Babson's Murray fighting the good fight
By Ray Biggs
D3hockey.com Managing Editor
BABSON PARK, Mass. - We all heard the question growing up. “What did you do with your summer vacation?”
For any successful college hockey player, the answer is usually a bit different from what a younger version of themselves might say. For most, pick up games with friends and teammates past, a job, and hour after lonely hour spent hitting the weights is on tap. All of it in the name of winning championships. So much for the offseason.
Whether it's Division III or the NHL, Jamie Muray continues to turn heads.
It's a schedule Jamie Murray knows too well, but the Babson goaltender would tell you it's paid off. The rising senior has already been named an AHCA All-American twice, the ECAC East Conference Player of the Year in 2014, and has been ranked among the best in the nation in most major goaltending categories throughout his career.
Murray's exploits have been a great source of pride and stability for Babson since his arrival on campus three years ago. His goaltending prowess also made his summer a bit more interesting, in a way most players could hardly imagine.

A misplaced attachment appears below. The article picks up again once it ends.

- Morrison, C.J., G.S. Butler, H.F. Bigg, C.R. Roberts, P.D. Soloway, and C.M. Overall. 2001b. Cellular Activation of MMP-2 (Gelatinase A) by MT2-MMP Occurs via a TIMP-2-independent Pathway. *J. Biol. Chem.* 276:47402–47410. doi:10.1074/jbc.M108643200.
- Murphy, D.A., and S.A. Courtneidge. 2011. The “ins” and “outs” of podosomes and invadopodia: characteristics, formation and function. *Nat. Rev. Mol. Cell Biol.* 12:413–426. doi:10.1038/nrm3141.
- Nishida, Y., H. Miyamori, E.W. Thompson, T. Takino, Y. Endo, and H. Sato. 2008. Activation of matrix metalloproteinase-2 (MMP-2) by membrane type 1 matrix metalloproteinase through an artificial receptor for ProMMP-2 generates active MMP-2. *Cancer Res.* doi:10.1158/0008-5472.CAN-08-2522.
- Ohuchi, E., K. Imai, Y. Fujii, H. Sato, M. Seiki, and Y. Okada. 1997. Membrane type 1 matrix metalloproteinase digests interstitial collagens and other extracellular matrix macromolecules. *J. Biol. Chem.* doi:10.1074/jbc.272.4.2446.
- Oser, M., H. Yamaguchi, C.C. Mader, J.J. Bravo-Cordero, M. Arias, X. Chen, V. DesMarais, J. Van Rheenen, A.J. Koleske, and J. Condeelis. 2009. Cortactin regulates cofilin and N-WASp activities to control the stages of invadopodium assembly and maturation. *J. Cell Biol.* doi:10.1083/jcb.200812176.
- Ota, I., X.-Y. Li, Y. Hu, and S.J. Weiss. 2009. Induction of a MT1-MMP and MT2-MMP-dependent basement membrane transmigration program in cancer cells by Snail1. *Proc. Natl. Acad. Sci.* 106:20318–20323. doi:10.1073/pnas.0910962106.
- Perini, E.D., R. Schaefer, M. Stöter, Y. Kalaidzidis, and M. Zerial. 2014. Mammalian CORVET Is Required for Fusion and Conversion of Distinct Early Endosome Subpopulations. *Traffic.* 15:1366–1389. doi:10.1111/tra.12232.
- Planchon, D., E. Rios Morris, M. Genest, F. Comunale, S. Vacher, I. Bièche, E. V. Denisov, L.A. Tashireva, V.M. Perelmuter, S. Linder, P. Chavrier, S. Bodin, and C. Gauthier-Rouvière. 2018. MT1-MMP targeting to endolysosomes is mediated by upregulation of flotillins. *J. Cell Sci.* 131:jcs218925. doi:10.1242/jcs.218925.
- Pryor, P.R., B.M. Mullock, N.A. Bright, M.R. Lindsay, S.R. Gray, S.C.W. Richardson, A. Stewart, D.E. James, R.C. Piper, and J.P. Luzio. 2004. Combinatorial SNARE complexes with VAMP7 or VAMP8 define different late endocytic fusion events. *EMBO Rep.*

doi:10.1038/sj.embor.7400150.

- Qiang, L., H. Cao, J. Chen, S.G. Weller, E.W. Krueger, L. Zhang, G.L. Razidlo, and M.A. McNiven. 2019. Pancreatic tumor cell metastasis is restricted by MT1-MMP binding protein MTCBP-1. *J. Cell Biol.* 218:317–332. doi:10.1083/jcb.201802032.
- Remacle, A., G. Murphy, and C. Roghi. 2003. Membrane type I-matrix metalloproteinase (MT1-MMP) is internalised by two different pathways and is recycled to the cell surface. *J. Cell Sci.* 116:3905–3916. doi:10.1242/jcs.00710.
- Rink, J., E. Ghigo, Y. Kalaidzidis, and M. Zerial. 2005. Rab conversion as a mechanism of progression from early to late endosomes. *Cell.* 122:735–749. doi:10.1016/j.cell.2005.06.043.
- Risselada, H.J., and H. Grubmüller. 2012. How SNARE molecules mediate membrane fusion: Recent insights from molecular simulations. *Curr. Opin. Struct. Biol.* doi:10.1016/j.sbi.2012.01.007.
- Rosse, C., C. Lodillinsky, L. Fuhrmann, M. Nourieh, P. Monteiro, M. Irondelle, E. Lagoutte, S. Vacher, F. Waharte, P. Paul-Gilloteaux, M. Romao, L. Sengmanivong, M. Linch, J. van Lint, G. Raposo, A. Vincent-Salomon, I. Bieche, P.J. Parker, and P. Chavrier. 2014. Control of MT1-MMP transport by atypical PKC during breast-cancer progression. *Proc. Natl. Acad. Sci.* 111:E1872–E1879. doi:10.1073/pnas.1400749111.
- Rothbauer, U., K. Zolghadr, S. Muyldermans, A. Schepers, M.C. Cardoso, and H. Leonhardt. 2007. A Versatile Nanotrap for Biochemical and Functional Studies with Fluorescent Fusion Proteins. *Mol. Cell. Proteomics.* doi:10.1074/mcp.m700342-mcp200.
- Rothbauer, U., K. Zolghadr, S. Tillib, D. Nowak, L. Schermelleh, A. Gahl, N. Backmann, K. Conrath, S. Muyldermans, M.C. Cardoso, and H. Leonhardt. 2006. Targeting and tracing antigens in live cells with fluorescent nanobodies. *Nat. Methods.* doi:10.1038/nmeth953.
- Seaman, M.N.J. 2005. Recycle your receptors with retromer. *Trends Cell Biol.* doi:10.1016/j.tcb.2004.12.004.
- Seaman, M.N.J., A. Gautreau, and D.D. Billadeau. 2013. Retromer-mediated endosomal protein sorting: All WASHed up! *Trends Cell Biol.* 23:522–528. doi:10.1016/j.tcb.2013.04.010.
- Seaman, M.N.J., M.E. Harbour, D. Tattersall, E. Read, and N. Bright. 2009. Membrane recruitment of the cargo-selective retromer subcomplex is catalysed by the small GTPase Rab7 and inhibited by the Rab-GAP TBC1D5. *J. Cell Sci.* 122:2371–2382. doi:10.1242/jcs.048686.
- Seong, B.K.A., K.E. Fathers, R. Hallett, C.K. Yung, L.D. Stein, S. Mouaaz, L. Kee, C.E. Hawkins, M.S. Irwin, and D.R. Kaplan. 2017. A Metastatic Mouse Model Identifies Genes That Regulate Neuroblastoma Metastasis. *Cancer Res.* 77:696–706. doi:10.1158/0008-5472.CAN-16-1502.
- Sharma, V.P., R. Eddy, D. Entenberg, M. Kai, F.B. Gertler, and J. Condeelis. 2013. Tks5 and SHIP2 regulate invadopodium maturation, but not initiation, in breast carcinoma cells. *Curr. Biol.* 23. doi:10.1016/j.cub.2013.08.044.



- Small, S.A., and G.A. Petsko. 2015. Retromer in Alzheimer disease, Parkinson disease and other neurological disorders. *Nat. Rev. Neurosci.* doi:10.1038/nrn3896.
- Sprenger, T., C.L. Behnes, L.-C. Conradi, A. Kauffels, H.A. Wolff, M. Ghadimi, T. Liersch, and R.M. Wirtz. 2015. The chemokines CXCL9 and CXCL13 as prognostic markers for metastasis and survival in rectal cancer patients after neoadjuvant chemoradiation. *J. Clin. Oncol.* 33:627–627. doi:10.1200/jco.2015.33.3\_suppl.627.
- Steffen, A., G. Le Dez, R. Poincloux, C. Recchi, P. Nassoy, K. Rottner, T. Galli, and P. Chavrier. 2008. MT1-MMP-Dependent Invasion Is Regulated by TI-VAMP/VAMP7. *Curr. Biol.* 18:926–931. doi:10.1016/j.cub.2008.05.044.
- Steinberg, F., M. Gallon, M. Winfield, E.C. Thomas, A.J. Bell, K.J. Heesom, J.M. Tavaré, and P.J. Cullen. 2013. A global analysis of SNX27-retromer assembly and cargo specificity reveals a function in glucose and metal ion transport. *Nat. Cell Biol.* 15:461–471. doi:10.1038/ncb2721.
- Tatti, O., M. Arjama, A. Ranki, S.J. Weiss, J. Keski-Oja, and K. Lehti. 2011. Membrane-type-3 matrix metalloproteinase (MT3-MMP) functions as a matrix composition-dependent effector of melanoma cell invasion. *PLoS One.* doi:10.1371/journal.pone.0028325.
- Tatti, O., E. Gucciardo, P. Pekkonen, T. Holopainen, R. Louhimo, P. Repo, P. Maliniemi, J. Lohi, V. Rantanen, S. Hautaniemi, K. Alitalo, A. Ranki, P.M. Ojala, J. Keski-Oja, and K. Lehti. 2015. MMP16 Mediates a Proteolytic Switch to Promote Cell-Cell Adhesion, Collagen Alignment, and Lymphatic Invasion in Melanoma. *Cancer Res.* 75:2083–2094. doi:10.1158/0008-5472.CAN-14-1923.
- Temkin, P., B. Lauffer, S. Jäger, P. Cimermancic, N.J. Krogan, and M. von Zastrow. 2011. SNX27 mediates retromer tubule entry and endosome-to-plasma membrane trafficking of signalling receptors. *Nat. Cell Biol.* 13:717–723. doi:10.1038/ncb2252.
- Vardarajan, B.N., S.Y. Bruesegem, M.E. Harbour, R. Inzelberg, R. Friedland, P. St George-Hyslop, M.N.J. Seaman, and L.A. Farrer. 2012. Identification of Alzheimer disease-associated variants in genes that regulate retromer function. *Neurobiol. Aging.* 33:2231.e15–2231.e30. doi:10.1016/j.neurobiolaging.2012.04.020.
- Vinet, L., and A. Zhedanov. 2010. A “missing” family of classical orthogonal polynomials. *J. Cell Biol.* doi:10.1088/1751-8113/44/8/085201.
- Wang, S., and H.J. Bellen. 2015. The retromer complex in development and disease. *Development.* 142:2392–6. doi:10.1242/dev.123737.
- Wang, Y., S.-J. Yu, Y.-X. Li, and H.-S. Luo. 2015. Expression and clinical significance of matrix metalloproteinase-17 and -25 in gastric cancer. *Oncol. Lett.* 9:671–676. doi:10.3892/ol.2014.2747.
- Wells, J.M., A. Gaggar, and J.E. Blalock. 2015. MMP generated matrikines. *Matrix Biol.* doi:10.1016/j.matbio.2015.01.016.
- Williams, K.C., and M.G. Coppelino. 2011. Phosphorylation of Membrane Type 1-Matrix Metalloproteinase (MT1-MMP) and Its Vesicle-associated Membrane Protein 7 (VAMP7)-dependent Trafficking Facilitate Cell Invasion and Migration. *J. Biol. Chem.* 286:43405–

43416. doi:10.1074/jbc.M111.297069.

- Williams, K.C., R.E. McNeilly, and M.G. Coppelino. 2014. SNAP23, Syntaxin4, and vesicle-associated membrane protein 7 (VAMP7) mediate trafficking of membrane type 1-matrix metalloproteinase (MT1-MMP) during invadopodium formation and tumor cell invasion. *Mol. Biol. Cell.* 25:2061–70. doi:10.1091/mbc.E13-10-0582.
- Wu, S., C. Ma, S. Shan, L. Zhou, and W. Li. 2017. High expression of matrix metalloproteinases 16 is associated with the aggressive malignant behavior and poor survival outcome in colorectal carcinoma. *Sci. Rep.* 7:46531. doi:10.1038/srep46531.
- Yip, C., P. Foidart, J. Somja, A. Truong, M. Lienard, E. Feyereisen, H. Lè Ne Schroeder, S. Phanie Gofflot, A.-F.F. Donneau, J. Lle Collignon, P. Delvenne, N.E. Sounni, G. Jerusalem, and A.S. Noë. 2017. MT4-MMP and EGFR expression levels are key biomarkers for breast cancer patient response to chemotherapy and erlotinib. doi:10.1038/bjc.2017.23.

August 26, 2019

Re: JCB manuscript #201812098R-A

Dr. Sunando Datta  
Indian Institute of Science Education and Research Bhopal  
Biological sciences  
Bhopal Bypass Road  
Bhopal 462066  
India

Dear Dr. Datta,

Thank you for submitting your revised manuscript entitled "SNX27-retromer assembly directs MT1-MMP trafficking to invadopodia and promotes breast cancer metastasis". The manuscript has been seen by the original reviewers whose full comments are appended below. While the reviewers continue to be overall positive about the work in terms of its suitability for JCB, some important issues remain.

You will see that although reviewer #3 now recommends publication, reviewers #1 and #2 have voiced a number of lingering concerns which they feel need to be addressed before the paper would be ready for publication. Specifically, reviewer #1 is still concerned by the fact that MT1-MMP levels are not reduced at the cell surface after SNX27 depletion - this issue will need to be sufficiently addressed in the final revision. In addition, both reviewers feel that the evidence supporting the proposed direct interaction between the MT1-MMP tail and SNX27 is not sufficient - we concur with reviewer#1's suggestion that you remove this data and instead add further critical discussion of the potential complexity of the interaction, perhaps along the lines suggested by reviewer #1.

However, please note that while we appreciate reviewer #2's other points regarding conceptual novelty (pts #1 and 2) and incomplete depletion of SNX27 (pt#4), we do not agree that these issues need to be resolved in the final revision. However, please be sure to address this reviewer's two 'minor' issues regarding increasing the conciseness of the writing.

After the season wrapped with a 3-2 overtime loss to Norwich in the ECAC East title game, Murray walked in to his postseason meeting with Head Coach Jamie Rice having little idea about how he was a spend part of his summer. It was in that meeting that he found out he was to be invited to Prospect Development Camp with the National Hockey League's Tampa Bay Lightning.
“It was pretty surreal,” Murray said. “I had a little bit of an idea that a camp invite was a possibility after talking to our former assistant coach Brendan Flemming. He said some teams had showed interest and an opportunity might come up. I didn't keep my hopes up, I didn't want to get too high on that. But in my end of the year meeting with coach Rice, he told me Tampa was going to invite me…. I kinda just sat there and let it sink in…. It took a lot longer than just that meeting to sink in.”